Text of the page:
What is the Book of 1 John About?

Read this 3-minute introduction to help you find your bearings in the Bible story, and inspire you to read 1 John!


Historical Context

John the son of Zebedee probably wrote his three New Testament letters no later than the 90s AD. He wrote from Ephesus (in present-day western Turkey), perhaps to churches like those mentioned in Revelation 2:8–3:22. John also wrote the Fourth Gospel and the book of Revelation. 

From Remember that the ultimate author of every book of the Bible is the Holy Spirit (1 Peter 1:21). He has written this book to equip you for life, to help you know the true God, and to give you hope (2 Timothy 3:16; Romans 15:4). The Holy Spirit wrote 1 John for your good and to lead you into joy.

The Setting of 1 John 

c. AD 85 

John likely wrote 1 John from Ephesus, where apparently he had relocated near the time of the fall of Jerusalem to the Romans in AD 70. The letter was probably intended to be read by the church in Ephesus and perhaps also by other churches in the surrounding cities. Ephesus was a wealthy and highly influential port city in the Roman providence of Asia, and was renowned for its temple of Artemis (Diana).  

The three epistles of John form a single “package,” probably designed to be taken together. First John is the main document of the three; it is essentially a written sermon and lacks the normal salutation (compare Romans 1:1–7) and farewell ­instructions (compare Romans 16:1–27) of a typical epistle. However, the short letter we know as 2 John contains the elements of a salutation. And 3 John contains the personal instructions often included at the end of an epistle. All three epistles thus probably formed a single packet delivered together: a cover letter to the congregation (2 John), a cover letter to the pastor (3 John), and the main written sermon (1 John). 

—Michael LeFebvre

Content taken from 1-3 John: A 12-Week Study © 2018 by Michael LeFebvre. All rights reserved. Used by permission of Crossway Books, a publishing ministry of Good News Publishers. 

Unless otherwise indicated, this content is adapted from the ESV Global Study Bible® (The Holy Bible, English Standard Version®), copyright ©2012 by Crossway, a publishing ministry of Good News Publishers. Used by permission. All rights reserved.

Message Series

Light & Love: A Study in 1 John by Jay Thomas

These five messages by Jay Thomas, handpicked from his church’s series on 1 John will introduce you to the main themes in 1 John. Pastor Jay will make you laugh, help you understand this beautiful letter, challenge you toward obeying God’s Word from this letter practically, and help you see the glory and goodness of God.  

1 John Dictionary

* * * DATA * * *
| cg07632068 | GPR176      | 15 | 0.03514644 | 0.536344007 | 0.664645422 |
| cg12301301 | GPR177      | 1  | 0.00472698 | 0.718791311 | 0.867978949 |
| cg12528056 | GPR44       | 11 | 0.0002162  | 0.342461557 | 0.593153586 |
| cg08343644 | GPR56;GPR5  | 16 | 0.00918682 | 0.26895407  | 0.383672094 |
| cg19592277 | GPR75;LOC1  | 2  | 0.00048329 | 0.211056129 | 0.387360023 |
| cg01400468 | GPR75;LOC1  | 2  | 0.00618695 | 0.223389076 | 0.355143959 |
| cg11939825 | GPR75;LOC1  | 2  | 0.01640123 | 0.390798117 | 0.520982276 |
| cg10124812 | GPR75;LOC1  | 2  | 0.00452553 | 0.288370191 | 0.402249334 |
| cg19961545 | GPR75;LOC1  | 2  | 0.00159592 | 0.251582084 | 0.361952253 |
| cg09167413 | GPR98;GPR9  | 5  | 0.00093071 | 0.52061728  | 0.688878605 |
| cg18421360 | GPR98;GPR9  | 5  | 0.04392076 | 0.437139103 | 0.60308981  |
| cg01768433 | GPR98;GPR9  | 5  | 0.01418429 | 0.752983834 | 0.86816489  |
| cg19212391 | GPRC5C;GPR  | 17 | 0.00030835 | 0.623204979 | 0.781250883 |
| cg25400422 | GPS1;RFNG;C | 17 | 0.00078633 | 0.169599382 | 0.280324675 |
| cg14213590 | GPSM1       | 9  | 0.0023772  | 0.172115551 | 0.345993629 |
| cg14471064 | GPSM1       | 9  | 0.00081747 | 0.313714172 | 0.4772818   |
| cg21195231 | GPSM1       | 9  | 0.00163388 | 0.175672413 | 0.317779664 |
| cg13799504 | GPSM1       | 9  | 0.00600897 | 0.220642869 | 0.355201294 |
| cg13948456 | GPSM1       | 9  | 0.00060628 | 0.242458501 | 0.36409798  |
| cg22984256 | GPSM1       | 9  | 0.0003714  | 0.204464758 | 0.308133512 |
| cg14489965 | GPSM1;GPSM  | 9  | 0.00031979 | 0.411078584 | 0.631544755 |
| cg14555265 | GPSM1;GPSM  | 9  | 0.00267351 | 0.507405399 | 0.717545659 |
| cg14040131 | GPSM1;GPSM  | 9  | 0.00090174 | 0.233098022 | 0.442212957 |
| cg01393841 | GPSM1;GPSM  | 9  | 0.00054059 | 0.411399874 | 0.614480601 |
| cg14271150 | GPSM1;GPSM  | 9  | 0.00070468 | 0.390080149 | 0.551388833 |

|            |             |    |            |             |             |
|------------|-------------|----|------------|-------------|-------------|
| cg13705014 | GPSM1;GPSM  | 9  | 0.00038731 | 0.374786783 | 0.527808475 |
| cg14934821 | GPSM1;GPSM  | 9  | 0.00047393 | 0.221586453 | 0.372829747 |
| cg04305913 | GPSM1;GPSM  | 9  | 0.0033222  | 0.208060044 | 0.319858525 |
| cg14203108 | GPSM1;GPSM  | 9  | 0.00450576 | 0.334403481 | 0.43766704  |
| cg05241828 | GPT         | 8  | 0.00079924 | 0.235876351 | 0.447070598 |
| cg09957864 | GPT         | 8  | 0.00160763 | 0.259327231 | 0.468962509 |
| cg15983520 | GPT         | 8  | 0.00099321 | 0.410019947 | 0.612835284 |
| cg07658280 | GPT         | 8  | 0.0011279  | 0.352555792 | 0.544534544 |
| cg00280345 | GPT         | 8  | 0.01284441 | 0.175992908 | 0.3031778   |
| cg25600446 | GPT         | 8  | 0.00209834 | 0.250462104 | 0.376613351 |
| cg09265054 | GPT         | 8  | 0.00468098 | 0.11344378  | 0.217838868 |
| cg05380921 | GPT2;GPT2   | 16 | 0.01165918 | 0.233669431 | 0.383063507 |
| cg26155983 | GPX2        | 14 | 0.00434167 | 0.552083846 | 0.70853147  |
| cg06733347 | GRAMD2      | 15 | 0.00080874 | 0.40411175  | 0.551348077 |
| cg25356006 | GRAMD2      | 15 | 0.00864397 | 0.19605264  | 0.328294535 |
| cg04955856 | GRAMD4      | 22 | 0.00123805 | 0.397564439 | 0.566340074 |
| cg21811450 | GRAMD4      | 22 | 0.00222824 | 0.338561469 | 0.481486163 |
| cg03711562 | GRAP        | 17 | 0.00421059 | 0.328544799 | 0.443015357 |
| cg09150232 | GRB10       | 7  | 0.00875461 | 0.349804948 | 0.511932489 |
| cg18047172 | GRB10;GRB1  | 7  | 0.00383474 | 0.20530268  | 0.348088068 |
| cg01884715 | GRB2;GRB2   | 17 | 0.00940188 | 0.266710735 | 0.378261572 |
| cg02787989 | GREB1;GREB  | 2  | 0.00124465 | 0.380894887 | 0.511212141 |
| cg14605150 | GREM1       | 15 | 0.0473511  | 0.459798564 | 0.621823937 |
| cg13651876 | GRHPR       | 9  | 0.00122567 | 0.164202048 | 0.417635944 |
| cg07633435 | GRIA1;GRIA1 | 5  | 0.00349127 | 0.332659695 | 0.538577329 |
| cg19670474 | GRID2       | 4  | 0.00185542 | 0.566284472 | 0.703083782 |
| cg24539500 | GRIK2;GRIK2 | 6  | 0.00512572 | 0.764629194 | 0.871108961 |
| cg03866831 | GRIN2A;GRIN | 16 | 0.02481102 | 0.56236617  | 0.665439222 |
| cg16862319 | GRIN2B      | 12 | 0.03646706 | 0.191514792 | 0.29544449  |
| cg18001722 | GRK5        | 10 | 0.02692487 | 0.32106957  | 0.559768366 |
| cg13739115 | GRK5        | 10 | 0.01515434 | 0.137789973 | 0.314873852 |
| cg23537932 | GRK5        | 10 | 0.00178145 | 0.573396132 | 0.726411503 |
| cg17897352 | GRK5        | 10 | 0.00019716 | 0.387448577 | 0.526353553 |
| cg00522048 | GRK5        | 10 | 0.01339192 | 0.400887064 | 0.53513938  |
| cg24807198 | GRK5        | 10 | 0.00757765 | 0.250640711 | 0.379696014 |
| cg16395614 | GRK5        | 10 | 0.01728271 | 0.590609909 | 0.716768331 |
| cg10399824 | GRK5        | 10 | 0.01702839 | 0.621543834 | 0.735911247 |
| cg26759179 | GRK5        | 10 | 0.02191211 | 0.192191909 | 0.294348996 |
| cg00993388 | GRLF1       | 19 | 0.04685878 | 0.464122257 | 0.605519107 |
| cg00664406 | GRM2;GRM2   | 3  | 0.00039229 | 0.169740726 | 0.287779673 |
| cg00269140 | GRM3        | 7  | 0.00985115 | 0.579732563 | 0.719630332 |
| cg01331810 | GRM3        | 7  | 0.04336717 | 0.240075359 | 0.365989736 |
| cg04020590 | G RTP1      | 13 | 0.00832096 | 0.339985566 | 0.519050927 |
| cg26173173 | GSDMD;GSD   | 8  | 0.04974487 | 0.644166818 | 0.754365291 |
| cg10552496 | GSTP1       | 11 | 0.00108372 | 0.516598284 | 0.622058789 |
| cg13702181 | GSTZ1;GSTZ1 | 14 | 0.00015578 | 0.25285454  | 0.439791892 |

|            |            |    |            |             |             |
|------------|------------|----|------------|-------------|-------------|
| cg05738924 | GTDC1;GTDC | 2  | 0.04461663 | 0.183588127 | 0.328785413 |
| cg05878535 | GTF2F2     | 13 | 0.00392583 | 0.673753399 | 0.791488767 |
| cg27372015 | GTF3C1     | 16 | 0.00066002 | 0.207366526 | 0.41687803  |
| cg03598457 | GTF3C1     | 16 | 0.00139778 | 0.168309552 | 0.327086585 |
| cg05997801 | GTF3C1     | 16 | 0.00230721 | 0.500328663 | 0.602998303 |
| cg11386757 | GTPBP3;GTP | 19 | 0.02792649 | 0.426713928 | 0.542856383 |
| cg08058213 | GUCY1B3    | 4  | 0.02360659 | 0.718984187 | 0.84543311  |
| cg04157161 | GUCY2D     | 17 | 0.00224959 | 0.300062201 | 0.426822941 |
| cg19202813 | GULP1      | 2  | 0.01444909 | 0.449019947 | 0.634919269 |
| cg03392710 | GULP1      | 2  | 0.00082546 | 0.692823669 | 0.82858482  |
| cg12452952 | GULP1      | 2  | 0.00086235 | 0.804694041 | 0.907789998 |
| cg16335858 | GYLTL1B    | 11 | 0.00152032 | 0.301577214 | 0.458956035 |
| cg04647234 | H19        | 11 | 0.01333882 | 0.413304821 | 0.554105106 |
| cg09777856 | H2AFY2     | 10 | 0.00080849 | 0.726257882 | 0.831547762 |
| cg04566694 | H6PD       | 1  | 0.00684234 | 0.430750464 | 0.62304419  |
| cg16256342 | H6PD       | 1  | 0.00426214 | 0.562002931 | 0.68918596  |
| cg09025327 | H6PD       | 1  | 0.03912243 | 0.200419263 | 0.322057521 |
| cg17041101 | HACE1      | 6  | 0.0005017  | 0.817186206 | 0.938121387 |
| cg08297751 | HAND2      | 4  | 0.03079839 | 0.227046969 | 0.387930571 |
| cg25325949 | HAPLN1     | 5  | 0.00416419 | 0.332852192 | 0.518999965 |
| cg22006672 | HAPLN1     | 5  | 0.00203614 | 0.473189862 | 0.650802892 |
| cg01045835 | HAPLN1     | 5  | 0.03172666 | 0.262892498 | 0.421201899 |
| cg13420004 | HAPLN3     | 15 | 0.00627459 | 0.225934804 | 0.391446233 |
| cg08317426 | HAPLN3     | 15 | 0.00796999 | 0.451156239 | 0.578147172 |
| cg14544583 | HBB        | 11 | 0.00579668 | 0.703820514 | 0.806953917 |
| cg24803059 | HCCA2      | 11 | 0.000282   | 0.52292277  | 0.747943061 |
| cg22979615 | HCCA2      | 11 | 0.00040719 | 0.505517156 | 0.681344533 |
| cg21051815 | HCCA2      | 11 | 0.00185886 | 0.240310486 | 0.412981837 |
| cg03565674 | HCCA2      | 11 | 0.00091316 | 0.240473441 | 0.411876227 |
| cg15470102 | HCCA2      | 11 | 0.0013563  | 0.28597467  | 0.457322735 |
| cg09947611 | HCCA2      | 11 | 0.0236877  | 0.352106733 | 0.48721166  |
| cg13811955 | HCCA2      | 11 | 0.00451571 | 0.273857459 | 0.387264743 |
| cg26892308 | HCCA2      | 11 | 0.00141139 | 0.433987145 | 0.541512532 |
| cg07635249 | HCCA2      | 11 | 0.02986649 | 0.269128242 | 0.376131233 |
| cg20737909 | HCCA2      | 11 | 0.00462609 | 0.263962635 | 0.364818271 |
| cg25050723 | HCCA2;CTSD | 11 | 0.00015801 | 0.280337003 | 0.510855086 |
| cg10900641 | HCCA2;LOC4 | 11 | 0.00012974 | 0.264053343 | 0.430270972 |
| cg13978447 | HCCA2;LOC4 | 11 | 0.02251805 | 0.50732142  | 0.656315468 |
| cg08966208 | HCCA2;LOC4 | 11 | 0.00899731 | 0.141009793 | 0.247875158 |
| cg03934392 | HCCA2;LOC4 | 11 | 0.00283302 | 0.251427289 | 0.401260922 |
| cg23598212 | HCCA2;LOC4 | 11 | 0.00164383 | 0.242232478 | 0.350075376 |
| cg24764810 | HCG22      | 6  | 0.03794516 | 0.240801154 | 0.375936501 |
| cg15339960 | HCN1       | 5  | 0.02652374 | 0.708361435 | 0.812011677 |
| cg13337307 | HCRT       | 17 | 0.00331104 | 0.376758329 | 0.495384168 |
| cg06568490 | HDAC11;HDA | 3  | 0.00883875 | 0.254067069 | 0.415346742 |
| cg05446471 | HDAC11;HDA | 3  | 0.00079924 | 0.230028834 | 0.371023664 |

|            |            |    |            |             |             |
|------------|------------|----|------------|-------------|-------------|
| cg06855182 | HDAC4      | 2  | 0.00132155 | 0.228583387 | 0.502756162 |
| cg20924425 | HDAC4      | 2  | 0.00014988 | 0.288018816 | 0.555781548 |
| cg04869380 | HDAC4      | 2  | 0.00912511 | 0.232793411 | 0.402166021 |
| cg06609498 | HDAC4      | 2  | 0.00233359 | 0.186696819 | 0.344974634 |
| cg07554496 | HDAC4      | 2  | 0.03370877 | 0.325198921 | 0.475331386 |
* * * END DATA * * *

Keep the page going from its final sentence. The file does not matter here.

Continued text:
As you read through 1 John, you might come across words and ideas that are foreign to you. Here are a few definitions you will want to know!

Someone who supports, comforts, gives help to, or speaks up for another person. Jesus and the Holy Spirit are advocates for members of God’s family (see John 14:16,26; 1 John 2:1).

The great enemy of Christ Jesus who pretends to be the Messiah. The Bible tells us that before the second coming of Christ, the Antichrist will rule over the world.

To have faith or to trust that something is true. The Bible tells us that we can believe that Jesus Christ is God’s Son and trust him to keep his promise to forgive sins. We show that we believe that God loves us and wants what is best for us by obeying his commands.

The Greek word that means “God’s Chosen One.” “Messiah” is the Hebrew word meaning the same thing. Jesus was the Christ.

(1) To find someone guilty of doing something wrong and to declare or pronounce a punishment. (2) To be against or disapprove of something because it is wrong.

Tell or agree about what is true. Confess sometimes means telling God your sins. Confess can also mean to say in front of other people that you believe that Jesus is God’s Son and that he died and rose again to forgive you for your sins.

(1) To be certain about the things we cannot see or to trust someone because of who he or she is. For example, a Christian has faith that Jesus is God’s Son. (2) The whole message about Jesus Christ—that he is God’s Son and that he came to take the punishment for our sin so that we may become members of God’s family. This describes the faith of a Christian.

Thinking and doing what is correct (or right) and holy. God is righteous because he does only what is perfect and holy. A person who has accepted Jesus as Savior is looked at by God as being free from the guilt of sin, so God sees that person as being righteous. People who are members of God’s family show their love for him by doing what is correct and holy, living in righteous ways.

This content is from What the Bible Is All About, written by Henrietta Mears. Copyright © 1953, 2011 by Gospel Light. Copyright assigned to Tyndale House Publishers, Inc. 2015. Used by permission of Tyndale House Publishers, a division of Tyndale House Ministries., Carol Stream, Illinois 60188. All rights reserved. 

Tough Questions